I’ve been thinking about the idea of “image crafting,” or creating and manipulating our image to the world via social media. I was intrigued by an article called The Dangers of Image Crafting I found on Facebook and I haven’t stopped thinking about it since. I usually give up desserts for the Lenten season, but this year I’ve disconnected from Facebook. It’s a removal of something I can easily worship to focus on Jesus, the One I worship.
So here’s the premise: we “carefully and deliberately construct our social media content” to control how others view our lives. We delete unflattering pictures of ourselves (I totally do this!) and highlight the ones we look best in. We post stats from a long run, Instagram pics of a healthy recipe,
…boast about our kids’ triumphs, flaunt the flowers our husband bought us “for no reason,” and lament a tough workout. #blessed #ilovemylife #fitmom #transformationtuesday
We wish our lives were actually as perfect as we make them seem, and become discontent as we compare ours to the perfect versions of our friends. Comparison robs our joy.
I’m guilty of some of these social media blunders myself. That’s why I’m taking a break for a while. Without knowing it, I get caught up in how many of you viewed or “liked” my posts and I am easily frustrated by my friends’ posts/pictures I either dislike, am jealous of, or disagree with. I watch some of their lives play out before me on Instagram and wonder how they can keep up with such perfection?! How does every meal look like it came out of a magazine? Why is everyone else’s husband buying them random gifts? How many square feet is her house?!
I’m not sure we were meant to interact with society via cyberspace.
It’s a fantastic thing, the Internet. Don’t get me wrong. I’m able to reconnect with old friends and keep in touch with distant family. I’m able to maintain this blog and Finn’s smile encourages some of you. But at some point I think we lose a genuine-ness that I highly value in friendships. If I haven’t spoken to you (with my mouth) in decades, or we don’t even speak when we see each other in person, how are we considered “friends?”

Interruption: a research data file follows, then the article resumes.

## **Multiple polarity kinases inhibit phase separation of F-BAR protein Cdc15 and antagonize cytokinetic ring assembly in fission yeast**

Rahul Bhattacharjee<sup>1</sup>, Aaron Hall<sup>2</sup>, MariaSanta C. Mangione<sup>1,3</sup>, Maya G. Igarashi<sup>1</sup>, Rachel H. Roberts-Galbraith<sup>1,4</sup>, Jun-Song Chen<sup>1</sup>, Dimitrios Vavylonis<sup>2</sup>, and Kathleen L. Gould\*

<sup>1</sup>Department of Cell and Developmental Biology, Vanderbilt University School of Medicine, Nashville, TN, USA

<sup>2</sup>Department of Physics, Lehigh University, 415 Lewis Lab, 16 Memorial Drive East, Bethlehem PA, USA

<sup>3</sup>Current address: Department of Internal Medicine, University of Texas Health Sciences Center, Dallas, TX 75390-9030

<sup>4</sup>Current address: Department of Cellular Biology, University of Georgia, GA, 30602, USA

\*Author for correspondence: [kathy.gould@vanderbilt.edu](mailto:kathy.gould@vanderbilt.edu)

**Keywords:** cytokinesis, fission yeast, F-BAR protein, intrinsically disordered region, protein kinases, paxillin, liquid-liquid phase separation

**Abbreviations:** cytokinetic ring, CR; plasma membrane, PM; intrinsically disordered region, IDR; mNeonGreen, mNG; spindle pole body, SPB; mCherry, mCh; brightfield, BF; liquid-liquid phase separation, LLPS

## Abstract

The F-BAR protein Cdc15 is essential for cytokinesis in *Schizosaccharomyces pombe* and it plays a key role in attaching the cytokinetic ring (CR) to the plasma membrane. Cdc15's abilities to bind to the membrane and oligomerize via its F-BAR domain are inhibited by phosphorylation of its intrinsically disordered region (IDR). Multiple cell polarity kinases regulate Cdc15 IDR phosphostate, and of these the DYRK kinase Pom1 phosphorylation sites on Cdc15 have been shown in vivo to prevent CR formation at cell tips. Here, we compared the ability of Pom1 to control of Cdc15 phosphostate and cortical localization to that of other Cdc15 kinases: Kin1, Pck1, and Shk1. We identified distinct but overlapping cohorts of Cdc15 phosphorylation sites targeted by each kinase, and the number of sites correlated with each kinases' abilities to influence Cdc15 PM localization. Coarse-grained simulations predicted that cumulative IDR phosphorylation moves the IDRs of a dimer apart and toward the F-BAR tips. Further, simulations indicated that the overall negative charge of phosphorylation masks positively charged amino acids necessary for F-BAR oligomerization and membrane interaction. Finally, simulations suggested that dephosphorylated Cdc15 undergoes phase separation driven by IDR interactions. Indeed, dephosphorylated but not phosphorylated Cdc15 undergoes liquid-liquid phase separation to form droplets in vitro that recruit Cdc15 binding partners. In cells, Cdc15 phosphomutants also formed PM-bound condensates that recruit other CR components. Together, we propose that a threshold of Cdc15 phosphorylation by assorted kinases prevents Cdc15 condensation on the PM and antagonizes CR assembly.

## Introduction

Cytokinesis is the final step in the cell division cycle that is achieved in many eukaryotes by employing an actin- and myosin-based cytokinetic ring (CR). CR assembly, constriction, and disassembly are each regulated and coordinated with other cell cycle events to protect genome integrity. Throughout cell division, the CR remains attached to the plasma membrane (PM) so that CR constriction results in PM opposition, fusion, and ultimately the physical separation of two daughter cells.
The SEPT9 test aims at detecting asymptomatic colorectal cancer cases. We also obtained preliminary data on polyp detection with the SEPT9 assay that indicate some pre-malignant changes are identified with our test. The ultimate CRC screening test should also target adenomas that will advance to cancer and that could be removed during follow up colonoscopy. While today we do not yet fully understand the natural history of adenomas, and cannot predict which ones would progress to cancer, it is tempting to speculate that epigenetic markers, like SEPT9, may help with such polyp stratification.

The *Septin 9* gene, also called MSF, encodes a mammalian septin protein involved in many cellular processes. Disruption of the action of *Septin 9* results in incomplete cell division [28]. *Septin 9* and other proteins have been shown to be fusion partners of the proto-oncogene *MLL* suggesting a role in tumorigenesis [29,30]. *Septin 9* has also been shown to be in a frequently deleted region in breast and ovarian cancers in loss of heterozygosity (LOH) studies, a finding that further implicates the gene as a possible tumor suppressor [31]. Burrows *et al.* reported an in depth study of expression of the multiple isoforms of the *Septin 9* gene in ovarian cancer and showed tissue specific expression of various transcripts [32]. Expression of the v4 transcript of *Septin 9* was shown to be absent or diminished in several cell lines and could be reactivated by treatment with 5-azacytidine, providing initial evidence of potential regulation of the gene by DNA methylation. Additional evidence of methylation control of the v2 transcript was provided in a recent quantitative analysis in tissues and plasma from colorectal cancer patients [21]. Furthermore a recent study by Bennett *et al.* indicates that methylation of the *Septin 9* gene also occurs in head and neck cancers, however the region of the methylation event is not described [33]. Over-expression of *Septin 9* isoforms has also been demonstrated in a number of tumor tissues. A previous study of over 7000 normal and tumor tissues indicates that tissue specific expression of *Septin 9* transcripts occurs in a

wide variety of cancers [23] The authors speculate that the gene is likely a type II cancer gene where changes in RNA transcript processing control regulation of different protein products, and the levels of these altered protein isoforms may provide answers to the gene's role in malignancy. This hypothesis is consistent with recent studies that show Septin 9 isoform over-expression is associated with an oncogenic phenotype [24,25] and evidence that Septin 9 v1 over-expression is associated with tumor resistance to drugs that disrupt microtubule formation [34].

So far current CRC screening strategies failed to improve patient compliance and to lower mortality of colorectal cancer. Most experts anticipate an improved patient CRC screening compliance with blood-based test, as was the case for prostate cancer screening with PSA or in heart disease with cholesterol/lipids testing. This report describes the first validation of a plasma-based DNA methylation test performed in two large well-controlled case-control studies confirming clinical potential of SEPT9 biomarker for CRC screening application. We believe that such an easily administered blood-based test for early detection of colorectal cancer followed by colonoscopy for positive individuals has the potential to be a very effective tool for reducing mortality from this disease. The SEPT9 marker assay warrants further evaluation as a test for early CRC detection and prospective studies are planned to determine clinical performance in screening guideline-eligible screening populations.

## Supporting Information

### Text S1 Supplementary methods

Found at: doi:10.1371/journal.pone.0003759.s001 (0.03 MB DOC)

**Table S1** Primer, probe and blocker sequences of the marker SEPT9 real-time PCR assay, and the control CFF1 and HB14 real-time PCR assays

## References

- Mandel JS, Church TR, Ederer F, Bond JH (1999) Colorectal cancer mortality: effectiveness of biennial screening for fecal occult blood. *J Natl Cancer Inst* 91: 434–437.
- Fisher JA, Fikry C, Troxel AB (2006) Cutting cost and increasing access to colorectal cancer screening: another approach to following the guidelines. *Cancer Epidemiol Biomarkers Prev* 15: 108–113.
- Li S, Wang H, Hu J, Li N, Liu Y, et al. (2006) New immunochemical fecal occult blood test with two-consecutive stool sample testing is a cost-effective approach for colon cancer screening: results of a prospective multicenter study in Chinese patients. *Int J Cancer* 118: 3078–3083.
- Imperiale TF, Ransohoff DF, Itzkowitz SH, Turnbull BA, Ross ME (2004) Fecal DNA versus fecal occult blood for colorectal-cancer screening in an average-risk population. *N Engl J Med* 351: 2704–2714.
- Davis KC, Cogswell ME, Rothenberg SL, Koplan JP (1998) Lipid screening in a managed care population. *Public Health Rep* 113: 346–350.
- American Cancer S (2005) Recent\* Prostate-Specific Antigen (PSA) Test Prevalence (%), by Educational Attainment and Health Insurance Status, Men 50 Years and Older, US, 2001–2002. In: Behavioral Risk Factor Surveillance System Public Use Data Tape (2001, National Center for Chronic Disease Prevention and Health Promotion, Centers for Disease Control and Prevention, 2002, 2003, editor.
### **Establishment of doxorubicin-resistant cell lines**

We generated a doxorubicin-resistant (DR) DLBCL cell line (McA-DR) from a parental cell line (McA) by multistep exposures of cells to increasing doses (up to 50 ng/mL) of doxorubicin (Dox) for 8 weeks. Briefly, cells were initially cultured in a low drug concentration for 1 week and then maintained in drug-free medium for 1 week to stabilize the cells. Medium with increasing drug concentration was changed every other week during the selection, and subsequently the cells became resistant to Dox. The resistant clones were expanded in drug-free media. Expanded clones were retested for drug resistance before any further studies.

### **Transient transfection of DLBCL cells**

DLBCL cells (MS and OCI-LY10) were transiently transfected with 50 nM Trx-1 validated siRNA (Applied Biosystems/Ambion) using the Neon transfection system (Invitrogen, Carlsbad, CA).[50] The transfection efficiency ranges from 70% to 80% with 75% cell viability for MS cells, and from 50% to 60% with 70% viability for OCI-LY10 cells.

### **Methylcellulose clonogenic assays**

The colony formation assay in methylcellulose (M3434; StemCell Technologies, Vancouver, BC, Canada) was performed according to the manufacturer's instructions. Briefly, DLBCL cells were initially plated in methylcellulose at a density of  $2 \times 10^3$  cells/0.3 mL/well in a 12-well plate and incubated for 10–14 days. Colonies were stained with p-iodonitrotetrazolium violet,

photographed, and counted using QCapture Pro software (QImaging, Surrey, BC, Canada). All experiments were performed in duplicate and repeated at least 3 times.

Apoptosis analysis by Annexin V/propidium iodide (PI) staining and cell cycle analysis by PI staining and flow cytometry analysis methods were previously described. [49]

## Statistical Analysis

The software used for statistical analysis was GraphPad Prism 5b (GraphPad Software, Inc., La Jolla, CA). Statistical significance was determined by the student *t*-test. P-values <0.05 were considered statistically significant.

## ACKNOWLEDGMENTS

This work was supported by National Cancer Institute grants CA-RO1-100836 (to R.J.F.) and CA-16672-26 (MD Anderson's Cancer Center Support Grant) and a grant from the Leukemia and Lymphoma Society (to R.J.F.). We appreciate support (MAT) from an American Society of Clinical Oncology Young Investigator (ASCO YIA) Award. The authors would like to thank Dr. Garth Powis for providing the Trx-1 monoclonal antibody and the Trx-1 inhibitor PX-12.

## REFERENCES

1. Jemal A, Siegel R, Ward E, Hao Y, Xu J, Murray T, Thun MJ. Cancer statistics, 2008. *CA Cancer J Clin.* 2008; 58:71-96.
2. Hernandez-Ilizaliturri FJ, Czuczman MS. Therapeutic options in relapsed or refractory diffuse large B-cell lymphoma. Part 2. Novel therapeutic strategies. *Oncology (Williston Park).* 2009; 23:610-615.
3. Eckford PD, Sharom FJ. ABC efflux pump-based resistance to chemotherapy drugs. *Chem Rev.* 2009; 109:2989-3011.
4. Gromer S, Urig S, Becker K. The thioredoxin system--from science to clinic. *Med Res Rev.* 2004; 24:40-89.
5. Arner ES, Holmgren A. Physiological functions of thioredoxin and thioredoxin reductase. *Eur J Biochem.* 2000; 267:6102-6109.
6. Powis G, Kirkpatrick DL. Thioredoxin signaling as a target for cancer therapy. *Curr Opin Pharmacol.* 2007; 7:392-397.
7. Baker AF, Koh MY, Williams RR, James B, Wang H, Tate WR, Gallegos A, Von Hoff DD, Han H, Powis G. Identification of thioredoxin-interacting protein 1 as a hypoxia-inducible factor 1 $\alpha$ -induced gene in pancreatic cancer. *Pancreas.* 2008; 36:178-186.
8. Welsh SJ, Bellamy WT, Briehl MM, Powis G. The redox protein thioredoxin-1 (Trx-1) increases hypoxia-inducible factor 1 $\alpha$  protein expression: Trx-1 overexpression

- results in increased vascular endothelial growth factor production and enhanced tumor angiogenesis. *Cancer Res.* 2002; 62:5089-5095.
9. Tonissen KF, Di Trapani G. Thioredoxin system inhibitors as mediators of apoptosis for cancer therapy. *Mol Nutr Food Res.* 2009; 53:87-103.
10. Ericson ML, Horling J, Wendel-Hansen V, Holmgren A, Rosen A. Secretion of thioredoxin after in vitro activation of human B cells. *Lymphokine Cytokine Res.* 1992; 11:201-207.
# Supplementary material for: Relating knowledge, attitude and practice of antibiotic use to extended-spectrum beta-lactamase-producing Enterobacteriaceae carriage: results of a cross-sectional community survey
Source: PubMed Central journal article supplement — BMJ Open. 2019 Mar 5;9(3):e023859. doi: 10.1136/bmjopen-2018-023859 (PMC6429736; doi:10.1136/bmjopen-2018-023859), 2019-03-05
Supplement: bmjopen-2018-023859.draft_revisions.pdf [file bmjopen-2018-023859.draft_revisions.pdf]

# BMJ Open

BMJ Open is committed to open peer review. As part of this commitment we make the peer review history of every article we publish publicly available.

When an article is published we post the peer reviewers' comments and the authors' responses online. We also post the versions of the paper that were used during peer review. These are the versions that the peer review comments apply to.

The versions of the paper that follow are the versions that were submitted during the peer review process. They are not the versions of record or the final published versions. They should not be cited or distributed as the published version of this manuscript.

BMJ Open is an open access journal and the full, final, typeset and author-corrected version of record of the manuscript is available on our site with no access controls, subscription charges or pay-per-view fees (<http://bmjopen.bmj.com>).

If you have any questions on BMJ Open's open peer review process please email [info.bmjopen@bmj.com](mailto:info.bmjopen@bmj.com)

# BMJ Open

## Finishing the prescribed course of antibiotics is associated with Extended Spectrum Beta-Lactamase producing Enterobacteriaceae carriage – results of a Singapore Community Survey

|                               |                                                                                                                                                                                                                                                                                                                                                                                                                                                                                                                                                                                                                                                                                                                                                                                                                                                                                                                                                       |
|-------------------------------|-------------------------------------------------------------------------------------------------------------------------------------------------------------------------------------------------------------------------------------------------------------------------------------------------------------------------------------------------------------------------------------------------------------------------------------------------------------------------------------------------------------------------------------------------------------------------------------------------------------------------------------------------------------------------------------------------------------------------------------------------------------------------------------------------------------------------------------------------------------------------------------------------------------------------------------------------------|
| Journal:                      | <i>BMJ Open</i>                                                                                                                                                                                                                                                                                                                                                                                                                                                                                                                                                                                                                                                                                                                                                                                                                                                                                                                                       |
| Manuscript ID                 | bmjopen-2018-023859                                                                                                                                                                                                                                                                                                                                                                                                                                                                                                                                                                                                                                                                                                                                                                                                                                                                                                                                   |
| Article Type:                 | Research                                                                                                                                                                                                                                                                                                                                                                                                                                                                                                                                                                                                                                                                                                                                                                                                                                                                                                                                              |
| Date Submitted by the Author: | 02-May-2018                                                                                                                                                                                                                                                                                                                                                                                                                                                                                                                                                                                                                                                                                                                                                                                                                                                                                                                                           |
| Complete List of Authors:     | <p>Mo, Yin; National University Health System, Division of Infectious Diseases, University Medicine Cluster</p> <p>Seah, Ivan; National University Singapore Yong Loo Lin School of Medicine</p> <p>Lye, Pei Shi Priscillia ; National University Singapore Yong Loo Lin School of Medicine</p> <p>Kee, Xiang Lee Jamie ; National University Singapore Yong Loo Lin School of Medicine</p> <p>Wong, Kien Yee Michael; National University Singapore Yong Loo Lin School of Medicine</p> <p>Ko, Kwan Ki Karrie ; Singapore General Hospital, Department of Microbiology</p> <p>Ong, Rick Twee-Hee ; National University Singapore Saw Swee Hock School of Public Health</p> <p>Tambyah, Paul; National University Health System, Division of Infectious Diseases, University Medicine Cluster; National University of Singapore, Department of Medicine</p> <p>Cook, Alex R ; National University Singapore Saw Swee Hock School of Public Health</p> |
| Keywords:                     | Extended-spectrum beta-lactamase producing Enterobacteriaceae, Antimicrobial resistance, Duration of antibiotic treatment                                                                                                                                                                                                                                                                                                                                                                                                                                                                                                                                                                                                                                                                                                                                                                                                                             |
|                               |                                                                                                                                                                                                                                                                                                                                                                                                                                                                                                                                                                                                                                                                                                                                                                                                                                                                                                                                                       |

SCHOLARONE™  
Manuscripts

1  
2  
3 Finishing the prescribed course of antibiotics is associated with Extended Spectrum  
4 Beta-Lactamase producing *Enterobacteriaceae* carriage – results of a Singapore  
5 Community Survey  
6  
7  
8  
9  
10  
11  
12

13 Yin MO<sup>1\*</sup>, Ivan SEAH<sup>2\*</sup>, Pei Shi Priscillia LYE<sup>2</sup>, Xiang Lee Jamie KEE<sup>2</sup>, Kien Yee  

I can put a filter on any picture that will hide my wrinkles,
whiten my teeth, make me look tan, or crop out the mess that is my kitchen. I can pop my elbow outward to make me appear thinner
or post a cute “selfie” in which I put myself down, but secretly I’m searching for; begging for your approval.
This is so wrong.
I crave this kind of validation, but it is not satisfying to my soul. I don’t need it. In girls’ Bible studies I’ve taught in the past, I always touch on the fact that if we are believers, we have all we need through Christ. We are a full cup. This eliminates our demand to approach the world thirsty–parched for compliments, approval, inclusion, validation, acceptance. If these things are granted, they become a blessing; overflowing our cup. Not what we needed to make it through the day.
I’ll just be honest and let you know I don’t have it all figured out. Read the post prior to this one on Failing. I have no idea what I’m doing when it comes to parenting. I’m a rude and selfish wife sometimes. An inconsiderate friend. I made my mom cry at Christmas. I ruin many a meal with too much salt. I lost my temper wiping Jersey’s muddy paws last week. I eat pizza too often. I speed to work. I’m not happy with my body these days. The list continues.
So relax. Take a deep breath with me. Maybe take a break from social media for a while, or at least determine its purpose in your life. It shouldn’t be your source of affirmation. Or mine.